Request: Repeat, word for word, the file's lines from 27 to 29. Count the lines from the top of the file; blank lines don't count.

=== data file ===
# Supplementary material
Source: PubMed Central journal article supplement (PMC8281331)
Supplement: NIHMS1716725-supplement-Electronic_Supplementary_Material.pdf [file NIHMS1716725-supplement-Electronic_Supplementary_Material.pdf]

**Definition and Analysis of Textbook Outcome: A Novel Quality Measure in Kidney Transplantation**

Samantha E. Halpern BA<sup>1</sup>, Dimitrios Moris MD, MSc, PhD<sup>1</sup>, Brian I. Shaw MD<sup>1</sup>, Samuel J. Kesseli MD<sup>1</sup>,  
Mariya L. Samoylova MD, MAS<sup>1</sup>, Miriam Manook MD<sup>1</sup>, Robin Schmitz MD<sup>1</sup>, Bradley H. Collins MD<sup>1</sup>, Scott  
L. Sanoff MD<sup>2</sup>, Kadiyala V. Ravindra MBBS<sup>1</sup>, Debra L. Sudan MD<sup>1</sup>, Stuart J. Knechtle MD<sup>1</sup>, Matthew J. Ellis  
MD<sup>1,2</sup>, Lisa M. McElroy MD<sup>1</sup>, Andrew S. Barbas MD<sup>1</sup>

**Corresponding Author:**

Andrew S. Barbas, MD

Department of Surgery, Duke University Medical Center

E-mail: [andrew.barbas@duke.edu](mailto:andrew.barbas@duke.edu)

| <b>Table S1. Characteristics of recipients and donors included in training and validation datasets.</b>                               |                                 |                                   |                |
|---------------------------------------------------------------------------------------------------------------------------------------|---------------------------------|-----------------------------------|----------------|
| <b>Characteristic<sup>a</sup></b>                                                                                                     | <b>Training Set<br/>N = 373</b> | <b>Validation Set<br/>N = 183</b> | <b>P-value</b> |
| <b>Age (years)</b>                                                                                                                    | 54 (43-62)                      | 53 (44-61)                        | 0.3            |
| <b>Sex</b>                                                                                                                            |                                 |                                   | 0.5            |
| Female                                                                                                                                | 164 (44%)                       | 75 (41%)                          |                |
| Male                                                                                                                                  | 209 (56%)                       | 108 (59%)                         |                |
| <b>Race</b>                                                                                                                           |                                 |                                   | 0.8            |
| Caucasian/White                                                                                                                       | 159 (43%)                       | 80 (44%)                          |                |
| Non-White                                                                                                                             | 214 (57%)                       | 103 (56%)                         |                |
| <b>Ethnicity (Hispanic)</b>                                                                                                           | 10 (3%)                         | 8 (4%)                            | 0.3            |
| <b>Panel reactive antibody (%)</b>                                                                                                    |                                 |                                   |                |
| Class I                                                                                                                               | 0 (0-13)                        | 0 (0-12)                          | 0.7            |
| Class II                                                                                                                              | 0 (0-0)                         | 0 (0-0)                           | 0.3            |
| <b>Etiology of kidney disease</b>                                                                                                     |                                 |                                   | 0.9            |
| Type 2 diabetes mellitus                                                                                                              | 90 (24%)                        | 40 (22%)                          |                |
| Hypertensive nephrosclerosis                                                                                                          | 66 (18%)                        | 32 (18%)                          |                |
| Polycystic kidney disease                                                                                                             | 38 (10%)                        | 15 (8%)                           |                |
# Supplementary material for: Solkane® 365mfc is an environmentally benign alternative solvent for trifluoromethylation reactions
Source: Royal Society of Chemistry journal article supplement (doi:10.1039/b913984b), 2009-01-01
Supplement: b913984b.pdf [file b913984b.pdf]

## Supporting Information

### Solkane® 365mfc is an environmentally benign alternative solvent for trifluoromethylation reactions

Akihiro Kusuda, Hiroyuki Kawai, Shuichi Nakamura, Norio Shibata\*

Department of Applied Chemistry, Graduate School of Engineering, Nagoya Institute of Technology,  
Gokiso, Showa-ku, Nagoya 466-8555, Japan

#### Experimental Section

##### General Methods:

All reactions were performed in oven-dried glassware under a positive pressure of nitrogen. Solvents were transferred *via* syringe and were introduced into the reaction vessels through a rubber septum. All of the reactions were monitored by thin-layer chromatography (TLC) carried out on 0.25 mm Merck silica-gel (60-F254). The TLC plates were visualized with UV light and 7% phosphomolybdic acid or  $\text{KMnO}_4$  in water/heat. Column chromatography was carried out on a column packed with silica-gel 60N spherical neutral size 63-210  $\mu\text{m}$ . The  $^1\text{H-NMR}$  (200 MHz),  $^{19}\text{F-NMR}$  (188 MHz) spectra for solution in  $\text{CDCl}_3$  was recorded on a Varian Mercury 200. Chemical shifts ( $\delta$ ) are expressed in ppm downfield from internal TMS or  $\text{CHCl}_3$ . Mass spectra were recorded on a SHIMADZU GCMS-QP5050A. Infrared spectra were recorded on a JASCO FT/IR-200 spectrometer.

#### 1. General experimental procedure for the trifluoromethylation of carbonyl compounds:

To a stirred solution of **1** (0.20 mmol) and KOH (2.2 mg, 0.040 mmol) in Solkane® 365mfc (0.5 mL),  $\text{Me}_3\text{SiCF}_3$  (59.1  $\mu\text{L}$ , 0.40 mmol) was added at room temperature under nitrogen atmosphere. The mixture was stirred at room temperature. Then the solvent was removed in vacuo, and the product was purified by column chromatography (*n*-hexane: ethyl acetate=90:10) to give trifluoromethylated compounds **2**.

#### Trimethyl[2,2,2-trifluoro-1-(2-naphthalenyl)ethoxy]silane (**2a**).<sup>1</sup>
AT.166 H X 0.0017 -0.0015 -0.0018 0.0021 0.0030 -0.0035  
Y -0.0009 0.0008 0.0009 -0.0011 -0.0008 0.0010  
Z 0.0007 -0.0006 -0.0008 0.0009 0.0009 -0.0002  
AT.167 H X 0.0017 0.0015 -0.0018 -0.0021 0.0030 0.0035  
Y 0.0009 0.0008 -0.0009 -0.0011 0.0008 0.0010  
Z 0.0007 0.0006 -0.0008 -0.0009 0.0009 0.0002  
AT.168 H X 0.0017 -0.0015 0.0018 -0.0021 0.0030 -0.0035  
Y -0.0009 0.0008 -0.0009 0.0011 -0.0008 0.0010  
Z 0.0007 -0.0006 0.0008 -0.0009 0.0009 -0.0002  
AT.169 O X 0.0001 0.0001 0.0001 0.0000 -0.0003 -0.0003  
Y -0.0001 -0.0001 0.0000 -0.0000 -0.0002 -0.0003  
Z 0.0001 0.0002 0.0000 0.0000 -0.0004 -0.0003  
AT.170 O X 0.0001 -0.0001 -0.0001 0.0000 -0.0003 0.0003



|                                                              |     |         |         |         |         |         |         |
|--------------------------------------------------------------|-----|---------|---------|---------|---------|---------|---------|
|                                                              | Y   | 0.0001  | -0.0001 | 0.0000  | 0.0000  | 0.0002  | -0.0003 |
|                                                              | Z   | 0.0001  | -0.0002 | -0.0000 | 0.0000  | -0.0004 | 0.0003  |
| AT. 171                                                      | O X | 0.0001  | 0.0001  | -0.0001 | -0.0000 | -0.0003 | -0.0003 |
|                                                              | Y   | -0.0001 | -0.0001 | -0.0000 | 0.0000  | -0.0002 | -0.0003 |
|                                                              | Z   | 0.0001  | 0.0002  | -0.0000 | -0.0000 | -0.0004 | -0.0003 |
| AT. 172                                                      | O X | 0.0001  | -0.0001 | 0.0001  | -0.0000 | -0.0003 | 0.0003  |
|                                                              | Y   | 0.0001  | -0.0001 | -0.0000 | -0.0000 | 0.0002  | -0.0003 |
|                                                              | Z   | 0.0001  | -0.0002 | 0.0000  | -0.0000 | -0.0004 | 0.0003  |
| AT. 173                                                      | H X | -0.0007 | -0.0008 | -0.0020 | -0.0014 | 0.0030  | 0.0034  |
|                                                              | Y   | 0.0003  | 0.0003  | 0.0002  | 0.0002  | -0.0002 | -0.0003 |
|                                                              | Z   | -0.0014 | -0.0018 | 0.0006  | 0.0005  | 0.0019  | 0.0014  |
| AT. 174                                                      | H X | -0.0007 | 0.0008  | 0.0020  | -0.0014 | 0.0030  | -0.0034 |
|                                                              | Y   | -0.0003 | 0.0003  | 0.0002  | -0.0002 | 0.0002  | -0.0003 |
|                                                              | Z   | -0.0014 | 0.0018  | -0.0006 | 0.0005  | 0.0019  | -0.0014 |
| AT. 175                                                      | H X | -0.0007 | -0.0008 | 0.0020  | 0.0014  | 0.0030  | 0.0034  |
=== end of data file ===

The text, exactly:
| <b>Etiology of kidney disease</b>                                                                                                     |                                 |                                   | 0.9            |
| Type 2 diabetes mellitus                                                                                                              | 90 (24%)                        | 40 (22%)                          |                |
| Hypertensive nephrosclerosis                                                                                                          | 66 (18%)                        | 32 (18%)                          |                |